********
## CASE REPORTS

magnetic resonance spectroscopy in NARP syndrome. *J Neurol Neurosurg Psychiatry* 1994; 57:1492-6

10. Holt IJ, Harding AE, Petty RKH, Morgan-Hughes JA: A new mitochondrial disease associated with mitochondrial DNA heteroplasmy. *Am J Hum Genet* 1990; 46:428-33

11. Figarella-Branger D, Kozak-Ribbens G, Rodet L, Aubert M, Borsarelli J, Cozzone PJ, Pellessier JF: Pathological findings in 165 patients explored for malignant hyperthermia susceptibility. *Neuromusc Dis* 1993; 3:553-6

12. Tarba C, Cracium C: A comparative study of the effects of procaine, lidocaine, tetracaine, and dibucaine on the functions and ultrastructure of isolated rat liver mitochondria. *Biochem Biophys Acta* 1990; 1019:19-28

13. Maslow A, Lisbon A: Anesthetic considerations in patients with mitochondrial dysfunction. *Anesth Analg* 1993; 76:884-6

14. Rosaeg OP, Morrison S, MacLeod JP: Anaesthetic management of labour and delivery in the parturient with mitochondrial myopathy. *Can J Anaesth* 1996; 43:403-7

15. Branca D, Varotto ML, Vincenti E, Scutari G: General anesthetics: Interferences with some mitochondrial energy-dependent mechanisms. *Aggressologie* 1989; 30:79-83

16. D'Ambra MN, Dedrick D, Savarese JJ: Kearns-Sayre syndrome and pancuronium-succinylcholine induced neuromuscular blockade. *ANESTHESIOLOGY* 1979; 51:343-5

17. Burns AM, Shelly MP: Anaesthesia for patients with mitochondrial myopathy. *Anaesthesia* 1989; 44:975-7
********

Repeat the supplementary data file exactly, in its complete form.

## CASE REPORTS

magnetic resonance spectroscopy in NARP syndrome. *J Neurol Neurosurg Psychiatry* 1994; 57:1492-6

10. Holt IJ, Harding AE, Petty RKH, Morgan-Hughes JA: A new mitochondrial disease associated with mitochondrial DNA heteroplasmy. *Am J Hum Genet* 1990; 46:428-33

11. Figarella-Branger D, Kozak-Ribbens G, Rodet L, Aubert M, Borsarelli J, Cozzone PJ, Pellessier JF: Pathological findings in 165 patients explored for malignant hyperthermia susceptibility. *Neuromusc Dis* 1993; 3:553-6

12. Tarba C, Cracium C: A comparative study of the effects of procaine, lidocaine, tetracaine, and dibucaine on the functions and ultrastructure of isolated rat liver mitochondria. *Biochem Biophys Acta* 1990; 1019:19-28

13. Maslow A, Lisbon A: Anesthetic considerations in patients with mitochondrial dysfunction. *Anesth Analg* 1993; 76:884-6

14. Rosaeg OP, Morrison S, MacLeod JP: Anaesthetic management of labour and delivery in the parturient with mitochondrial myopathy. *Can J Anaesth* 1996; 43:403-7

15. Branca D, Varotto ML, Vincenti E, Scutari G: General anesthetics: Interferences with some mitochondrial energy-dependent mechanisms. *Aggressologie* 1989; 30:79-83

16. D'Ambra MN, Dedrick D, Savarese JJ: Kearns-Sayre syndrome and pancuronium-succinylcholine induced neuromuscular blockade. *ANESTHESIOLOGY* 1979; 51:343-5

17. Burns AM, Shelly MP: Anaesthesia for patients with mitochondrial myopathy. *Anaesthesia* 1989; 44:975-7